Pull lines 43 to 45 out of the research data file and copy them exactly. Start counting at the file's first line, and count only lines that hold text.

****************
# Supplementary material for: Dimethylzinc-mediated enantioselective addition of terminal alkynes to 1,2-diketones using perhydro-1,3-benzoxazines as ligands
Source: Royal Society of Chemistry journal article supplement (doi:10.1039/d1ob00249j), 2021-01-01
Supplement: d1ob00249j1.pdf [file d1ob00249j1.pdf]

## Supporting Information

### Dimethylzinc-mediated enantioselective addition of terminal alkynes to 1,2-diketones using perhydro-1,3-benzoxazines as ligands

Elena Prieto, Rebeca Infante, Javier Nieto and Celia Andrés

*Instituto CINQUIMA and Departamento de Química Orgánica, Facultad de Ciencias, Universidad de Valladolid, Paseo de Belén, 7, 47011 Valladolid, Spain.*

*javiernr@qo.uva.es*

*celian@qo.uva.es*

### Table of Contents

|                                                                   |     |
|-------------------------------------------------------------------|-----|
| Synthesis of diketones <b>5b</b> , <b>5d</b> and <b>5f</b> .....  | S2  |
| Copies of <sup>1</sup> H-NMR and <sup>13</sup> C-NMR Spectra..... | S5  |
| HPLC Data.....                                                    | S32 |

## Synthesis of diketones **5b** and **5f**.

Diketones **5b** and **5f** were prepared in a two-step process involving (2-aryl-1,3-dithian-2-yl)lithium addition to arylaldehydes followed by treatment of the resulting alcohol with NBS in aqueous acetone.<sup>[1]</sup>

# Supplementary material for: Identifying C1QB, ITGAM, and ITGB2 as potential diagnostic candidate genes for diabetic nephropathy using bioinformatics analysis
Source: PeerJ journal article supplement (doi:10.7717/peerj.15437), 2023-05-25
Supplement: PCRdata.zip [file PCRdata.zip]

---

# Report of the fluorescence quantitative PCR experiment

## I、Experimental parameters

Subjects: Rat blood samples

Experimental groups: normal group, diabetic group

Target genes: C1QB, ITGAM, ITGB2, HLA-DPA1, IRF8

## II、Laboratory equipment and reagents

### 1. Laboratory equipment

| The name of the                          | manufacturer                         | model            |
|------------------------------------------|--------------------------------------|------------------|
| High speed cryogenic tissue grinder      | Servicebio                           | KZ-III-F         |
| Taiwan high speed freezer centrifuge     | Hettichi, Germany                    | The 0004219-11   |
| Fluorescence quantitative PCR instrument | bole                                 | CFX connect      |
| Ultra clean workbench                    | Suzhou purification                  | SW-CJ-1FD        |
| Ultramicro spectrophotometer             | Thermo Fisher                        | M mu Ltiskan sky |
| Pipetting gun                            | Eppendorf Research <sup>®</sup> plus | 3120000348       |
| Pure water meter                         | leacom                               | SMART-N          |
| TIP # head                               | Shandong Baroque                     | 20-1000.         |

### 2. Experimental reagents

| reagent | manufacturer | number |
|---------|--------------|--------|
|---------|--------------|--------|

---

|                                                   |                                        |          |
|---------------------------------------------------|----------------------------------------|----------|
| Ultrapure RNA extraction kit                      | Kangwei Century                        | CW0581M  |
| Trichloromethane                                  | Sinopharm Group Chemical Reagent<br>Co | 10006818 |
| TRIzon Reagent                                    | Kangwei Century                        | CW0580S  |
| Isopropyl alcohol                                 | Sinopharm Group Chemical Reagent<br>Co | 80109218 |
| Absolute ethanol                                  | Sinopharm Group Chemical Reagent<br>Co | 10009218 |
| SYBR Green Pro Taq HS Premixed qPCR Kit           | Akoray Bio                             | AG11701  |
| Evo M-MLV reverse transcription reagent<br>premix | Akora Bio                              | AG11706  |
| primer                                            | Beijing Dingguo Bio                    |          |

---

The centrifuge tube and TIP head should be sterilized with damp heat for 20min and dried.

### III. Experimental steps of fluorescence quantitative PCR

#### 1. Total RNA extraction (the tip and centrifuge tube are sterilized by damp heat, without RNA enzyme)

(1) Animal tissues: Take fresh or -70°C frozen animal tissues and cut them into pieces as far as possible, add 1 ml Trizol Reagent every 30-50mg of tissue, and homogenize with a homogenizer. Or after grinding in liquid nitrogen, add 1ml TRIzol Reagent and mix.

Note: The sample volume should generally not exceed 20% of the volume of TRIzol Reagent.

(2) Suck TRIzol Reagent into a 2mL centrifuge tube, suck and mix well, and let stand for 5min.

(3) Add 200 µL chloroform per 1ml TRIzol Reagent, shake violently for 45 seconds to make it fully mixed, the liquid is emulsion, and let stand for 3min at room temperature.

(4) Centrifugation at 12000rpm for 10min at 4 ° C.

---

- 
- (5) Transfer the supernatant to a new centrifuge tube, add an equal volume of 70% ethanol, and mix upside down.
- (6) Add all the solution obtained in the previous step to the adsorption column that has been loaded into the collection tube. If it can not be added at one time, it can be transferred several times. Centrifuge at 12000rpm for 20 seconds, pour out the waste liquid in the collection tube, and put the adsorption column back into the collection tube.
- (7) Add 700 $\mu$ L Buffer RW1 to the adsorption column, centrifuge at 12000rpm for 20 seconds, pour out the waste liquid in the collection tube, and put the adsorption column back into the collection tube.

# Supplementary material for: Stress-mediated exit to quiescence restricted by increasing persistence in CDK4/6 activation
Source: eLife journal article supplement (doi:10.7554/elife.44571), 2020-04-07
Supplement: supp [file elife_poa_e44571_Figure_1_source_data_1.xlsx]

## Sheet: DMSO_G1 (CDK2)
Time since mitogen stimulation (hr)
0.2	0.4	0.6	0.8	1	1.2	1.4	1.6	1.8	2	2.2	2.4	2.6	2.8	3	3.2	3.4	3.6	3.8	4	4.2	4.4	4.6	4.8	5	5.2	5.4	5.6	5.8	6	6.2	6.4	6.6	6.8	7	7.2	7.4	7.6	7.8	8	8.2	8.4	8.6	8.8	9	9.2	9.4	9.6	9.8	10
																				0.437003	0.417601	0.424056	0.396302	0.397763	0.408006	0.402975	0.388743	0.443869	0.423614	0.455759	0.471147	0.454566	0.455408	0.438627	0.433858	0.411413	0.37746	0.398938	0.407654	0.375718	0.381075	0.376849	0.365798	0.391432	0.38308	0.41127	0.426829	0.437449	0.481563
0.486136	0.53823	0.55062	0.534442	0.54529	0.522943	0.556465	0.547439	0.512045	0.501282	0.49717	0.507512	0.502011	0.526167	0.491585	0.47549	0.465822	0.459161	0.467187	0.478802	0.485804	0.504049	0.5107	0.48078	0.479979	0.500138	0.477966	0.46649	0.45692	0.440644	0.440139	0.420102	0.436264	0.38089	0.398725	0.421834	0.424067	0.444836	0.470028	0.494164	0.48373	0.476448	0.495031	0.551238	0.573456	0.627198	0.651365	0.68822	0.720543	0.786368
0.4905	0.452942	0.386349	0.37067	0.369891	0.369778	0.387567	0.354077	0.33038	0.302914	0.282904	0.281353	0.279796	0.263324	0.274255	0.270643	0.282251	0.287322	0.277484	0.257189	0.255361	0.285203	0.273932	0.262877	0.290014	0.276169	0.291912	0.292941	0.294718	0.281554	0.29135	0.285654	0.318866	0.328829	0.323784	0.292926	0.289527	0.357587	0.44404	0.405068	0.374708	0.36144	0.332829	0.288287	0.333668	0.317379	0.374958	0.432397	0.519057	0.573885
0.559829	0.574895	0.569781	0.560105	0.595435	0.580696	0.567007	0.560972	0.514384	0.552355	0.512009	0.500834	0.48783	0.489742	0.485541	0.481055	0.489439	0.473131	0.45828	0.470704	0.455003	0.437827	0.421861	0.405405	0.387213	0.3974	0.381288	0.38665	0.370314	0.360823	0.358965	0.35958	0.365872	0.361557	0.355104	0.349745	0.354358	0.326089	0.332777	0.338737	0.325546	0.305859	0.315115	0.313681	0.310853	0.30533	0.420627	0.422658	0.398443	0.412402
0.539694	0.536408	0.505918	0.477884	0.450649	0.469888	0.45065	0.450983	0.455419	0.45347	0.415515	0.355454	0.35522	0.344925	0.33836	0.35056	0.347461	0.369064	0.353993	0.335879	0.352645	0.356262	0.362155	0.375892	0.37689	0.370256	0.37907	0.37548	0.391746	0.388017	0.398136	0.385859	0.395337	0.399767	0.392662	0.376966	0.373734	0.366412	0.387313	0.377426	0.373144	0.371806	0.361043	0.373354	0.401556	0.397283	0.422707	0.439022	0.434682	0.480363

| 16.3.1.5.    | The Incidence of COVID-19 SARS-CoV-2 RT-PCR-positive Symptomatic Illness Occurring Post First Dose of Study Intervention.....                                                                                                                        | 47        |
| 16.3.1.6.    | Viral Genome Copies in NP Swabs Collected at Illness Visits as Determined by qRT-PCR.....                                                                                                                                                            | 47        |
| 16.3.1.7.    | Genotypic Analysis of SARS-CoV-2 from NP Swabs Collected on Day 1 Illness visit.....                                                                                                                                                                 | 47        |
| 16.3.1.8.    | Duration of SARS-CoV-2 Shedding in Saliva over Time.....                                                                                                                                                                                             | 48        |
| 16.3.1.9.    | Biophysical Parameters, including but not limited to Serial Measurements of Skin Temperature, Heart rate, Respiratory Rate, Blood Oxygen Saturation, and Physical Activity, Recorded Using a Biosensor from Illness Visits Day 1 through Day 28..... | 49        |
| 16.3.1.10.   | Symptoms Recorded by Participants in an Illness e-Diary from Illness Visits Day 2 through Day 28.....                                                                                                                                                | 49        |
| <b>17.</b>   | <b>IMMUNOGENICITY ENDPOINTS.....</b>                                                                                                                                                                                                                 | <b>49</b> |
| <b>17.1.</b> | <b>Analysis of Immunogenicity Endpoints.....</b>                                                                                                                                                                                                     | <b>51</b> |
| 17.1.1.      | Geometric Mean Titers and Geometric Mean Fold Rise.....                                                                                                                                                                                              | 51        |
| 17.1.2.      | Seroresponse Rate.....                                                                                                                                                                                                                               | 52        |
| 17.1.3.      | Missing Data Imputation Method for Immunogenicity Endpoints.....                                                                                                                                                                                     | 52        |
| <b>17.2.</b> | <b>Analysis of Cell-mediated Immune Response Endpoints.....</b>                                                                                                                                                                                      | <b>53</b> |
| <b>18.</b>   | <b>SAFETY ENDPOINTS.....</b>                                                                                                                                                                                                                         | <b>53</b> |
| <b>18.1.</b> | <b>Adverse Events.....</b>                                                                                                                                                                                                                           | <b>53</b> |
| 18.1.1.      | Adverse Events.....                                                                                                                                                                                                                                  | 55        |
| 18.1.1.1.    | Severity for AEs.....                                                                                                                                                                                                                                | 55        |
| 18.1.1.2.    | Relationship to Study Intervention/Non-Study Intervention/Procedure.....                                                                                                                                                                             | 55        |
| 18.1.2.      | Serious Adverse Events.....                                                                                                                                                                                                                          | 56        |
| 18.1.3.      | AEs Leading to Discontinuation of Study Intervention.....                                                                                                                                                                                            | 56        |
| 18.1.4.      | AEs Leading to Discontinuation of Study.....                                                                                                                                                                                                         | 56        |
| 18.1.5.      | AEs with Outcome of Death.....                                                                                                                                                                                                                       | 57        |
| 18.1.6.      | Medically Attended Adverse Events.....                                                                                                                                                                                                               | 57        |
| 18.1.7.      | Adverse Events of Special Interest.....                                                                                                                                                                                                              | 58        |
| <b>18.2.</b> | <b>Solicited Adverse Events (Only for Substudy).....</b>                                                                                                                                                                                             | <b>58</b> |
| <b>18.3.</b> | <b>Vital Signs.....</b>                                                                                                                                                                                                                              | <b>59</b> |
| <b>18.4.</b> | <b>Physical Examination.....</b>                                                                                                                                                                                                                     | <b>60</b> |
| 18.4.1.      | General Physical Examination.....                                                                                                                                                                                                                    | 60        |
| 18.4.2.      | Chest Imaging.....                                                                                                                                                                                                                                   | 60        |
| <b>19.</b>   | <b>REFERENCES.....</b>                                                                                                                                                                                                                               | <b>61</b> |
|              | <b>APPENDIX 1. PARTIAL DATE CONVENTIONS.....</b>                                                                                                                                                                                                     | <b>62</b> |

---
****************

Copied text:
---

|                                                   |                                        |          |
|---------------------------------------------------|----------------------------------------|----------|